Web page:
It was not a pretty win, but two points is two points. Not only did the Red Wings scratch and claw in last night’s victory over the reeling Vancouver Canucks, but they also overcame adversity to do it. Maintaining positioning in the jumbled Eastern Conference playoff race was at stake.
Goaltender Jonas Gustavsson left the game due to dizziness, and Jimmy Howard relieved him and secured the shutout. The peerless Henrik Zetterberg was once again the fulcrum in the Wings’ game-winning goal, finding daylight through the darkness for a Justin Abdelkader tally.
What makes these Red Wings unique is that, after two decades-plus of being a powerhouse in the Western Conference and making the playoffs year after year, this current team has relied on their NHL and AHL teams to help keep them afloat in the Wild Card race.
But if you watch Detroit enough, and stare at the teams in the Eastern Conference long enough, you can find the flaws in their adversaries pretty easily, and imagine a scenario in which Detroit makes an unlikely run to the Cup — like the Los Angeles Kings in 2012.
There is no way in hell they disembowel the competition like the Kings did that postseason. But if a few things break right, it does not seem unthinkable to imagine the Red Wings as the Eastern Conference darkhorse. Detroit has suffered devastating injuries all season long, which has hamstrung their offense and left them wanting for points. But as a result of the injuries, the Red Wings have unearthed a trove of offensive depth.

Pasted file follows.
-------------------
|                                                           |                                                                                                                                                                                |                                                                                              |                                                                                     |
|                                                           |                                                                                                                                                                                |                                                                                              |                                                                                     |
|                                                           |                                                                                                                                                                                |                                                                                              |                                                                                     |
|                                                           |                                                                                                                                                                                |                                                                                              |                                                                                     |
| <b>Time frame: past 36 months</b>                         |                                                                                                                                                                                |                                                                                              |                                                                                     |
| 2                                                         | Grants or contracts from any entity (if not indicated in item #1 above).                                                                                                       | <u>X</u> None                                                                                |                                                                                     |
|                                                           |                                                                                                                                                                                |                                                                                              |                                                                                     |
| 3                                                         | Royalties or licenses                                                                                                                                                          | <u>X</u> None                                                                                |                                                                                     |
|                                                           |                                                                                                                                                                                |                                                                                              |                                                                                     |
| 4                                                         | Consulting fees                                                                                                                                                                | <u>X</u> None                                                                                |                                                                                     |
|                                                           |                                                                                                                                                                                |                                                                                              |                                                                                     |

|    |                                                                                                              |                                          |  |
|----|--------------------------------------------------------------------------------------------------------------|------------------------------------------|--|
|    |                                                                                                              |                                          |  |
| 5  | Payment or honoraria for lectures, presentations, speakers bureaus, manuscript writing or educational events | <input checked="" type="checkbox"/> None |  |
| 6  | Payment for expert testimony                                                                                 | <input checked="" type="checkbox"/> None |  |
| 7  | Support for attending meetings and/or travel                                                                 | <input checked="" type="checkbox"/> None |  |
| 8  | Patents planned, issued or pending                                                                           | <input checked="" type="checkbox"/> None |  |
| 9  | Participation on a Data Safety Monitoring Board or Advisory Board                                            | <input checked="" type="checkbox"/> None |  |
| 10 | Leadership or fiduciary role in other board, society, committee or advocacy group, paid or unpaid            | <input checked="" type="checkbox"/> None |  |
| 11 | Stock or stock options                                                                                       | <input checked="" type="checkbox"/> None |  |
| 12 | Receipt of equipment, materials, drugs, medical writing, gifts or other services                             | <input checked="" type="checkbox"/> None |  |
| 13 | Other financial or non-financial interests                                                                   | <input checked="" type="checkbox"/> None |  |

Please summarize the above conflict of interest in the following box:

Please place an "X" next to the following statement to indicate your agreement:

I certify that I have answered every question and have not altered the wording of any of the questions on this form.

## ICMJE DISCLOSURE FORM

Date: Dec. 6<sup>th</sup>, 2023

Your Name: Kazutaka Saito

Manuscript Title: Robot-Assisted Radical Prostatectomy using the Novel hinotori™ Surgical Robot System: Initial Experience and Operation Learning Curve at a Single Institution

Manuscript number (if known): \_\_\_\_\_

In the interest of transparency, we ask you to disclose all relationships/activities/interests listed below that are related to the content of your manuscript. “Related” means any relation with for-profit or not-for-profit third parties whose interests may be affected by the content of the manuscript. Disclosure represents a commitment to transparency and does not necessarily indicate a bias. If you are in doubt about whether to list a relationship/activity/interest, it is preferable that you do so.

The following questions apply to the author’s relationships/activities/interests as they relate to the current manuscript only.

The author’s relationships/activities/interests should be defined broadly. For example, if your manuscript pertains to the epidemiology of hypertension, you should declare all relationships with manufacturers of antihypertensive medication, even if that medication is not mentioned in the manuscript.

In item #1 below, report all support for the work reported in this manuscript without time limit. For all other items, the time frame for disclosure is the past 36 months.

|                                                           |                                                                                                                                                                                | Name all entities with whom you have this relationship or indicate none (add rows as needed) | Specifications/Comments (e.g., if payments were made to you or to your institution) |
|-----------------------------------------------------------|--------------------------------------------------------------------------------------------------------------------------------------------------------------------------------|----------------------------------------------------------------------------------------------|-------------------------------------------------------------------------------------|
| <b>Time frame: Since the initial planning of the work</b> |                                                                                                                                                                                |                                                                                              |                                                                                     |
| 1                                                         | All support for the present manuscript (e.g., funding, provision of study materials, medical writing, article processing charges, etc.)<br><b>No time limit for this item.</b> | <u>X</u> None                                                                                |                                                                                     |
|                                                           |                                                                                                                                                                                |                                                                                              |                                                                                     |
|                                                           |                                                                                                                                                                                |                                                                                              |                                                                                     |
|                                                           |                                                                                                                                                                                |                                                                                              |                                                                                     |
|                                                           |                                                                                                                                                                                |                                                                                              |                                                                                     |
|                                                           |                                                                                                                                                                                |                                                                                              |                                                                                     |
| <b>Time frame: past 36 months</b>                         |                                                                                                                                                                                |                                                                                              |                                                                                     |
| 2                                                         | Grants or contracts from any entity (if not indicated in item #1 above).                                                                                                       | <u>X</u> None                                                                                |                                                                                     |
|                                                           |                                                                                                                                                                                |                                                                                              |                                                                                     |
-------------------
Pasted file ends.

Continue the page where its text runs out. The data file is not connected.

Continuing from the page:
Players like Tomas Tatar, Gustav Nyquist, Riley Sheahan, Tomas Jurco, and Joakim Andersson have stepped up to the dais and looked dynamic. These fledgling Red Wings play the Detroit way through and through – with their time spent marinating in Grand Rapids paying obvious dividends. (Although, Johan Franzen is still recovering from his concussion and will not be able to play, he was selected for Sweden’s Sochi team. Nyquist got the reserve spot to replace Franzen over the Capitals’ Marcus Johansson and Predators’ Patric Hornqvist.)
The Detroit way means working as hard off the puck as with it. The Red Wings are masters of the Wes Welker-style pick play, which frees up their linemates and buys valuable time and space. When in puck possession, using one’s body and hands to protect the puck is pivotal; Detroit desires as much territorial time as possible, and boxing a player out with your butt or using your forearm to create separation – Todd Bertuzzi – allows that to happen.
Typically, carrying the puck on the zone entry is preferred by Detroit, but coach Mike Babcock recognizes his team’s inexperience and advocates dumping the puck in when a player is feeling too much heat from the opponent. Detroit emphasizes back pressure from their forwards when opponents try to counter and for their own transitions to come in levels. (A staggered counterrush applies pressure on the opponent to reconfigure on the fly, forcing the competitor to worry about eliminating the seam pass while trying to identify where his spot in the team’s coverage should be.)
It is exciting to see that some of team’s talent, which has been developing in the AHL, is NHL-ready. The Tatar-Sheahan-Jurco line is explosive and effective; each of the trio complements the other and knows where to go on the ice to exploit his opponents or play to his linemate’s strength. This line played together in Grand Rapids, and its chemistry is clear.